Would a coach like Scott Brooks or Mike D’Antoni teach these same concepts? Sure, but I can assure you not to the same detail or depth as Thibodeau. Thibodeau is focused on building the Wolves franchise and its players from the ground up and doing it “the right way,” the detailed way. And this can mean only one thing: Tom Thibodeau is exactly what this franchise needs.

Interesting Home vs. Road Numbers

In what should come as no shock to Wolves’ fans, the Wolves have played better at home than on the road through 46 games this season. This is a common theme seen around the NBA from year-to-year and, when you think about it, it makes sense; when teams play at home they get to play on their own court in front of their own crowd, sleep in their own beds, and are greeted by a multitude of friendly faces, whether it is at the stadium or around the town. There are obvious psychological and environmental advantages to playing at home. It’s comforting, safe, and familiar.

However, what may come as a shock is exactly how much better the Wolves play at home versus on the road.

Below is a chart depicting the Wolves’ performance at home versus on the road via a few common advanced metrics and a couple more traditional stats. (Note: all stats are via NBA.com/stats; NRTG = net rating, P/M = plus/minus, eFG% = effective field goal percentage, TS% = true shooting percentage, PPG = points per game).

The differences between home and road performance become even more apparent when looking at the individual players’ stats. I only included the players who have been a consistent part of the rotation, which I defined as any player who has played in at least 40 games this season, in the chart below.

Nearly every player, save for Shabazz Muhammad (who, apparently, is fairly impervious to the effects of playing at home versus on the road), Cole Aldrich (who has by far the smallest sample size), and perhaps Gorgui Dieng (he scores more efficiently on the road), play significantly better at home.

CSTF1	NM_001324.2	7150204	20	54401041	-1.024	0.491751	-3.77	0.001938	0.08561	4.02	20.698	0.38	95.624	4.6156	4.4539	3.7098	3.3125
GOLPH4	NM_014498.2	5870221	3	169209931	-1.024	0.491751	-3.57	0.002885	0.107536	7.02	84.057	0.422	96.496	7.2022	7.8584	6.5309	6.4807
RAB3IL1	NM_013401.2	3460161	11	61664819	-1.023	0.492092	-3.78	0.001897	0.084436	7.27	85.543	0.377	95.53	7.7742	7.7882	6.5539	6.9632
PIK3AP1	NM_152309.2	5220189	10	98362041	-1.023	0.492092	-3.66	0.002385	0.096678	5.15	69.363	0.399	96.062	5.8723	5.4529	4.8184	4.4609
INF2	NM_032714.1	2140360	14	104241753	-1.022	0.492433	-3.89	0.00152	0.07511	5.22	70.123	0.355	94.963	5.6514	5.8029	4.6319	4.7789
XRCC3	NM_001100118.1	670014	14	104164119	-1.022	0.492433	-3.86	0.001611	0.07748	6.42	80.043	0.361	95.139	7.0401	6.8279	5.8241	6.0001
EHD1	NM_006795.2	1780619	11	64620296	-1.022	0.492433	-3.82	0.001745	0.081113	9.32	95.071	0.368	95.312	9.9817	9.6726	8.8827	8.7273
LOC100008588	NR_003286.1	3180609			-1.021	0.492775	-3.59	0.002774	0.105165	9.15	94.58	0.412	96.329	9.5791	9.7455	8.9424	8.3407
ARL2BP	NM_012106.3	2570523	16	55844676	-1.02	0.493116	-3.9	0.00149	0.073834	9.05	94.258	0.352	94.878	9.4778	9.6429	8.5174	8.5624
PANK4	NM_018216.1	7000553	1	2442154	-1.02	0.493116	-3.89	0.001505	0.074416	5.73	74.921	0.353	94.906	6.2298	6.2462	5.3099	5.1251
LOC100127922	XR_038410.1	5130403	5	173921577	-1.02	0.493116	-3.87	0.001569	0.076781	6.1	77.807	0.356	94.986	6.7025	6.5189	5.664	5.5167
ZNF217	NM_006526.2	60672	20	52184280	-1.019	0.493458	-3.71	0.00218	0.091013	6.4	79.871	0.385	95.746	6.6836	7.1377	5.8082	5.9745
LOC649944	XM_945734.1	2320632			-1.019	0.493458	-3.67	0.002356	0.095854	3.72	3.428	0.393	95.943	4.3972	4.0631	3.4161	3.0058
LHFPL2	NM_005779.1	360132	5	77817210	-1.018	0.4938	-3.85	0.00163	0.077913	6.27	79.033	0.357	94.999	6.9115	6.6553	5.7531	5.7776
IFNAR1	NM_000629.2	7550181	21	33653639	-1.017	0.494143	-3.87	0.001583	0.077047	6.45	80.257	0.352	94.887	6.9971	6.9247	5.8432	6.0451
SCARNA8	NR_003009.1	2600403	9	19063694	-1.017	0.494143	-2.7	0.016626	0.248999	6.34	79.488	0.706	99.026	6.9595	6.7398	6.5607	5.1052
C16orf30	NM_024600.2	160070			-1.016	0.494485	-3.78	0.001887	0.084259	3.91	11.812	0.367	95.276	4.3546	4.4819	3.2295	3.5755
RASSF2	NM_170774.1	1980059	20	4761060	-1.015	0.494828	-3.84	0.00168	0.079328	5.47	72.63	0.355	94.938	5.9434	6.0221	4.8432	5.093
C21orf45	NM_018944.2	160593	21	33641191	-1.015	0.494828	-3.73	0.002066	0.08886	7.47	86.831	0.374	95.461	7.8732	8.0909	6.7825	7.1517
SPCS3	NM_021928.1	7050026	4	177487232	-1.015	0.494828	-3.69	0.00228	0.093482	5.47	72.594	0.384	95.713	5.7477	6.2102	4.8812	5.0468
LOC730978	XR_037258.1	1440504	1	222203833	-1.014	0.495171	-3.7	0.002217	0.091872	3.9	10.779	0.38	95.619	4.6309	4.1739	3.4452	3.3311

However, the Wolves’ season has taken a turn for the better since they defeated the Chicago Bulls 22 games ago in Thibodeau’s return to the United Center and the home/road splits reflect this. In the last 20 games, the Wolves own a record of 10-10, including a 7-4 home mark. Below are two charts displaying how the Wolves as a team and the individual players have played at home versus on the road over this timespan (quick note: for the individual players, their last 20 game sample is based on the last 20 games they have appeared in, not the last 20 games overall).

When looking at the Wolves performance as a team, it’s easy to see that they have been performing better as of late. Their net rating at home is better by a factor of greater than two over the last 20 games when compared to the season as a whole, and their net rating on the road is a whole point better. The Wolves are scoring more efficiently both in the friendly confines of the Target Center and the not-as-friendly arenas scattered throughout the United States. Although their defense has turned into a terror at home, while their offense has remained steady all season, and has been better on the road.

However, the first thing that jumps off the page when looking at the players is just how badly the bench has fared on the road. Just look at those net ratings and plus/minuses; they resemble the elevator scene from The Shining! The starters, on the other hand, have better net ratings at home in their last 20 games when compared to the season overall, and their road net ratings and plus/minuses are drastically improved as well, save for Ricky Rubio and Zach LaVine, the latter of which has been dealing with a troublesome hip.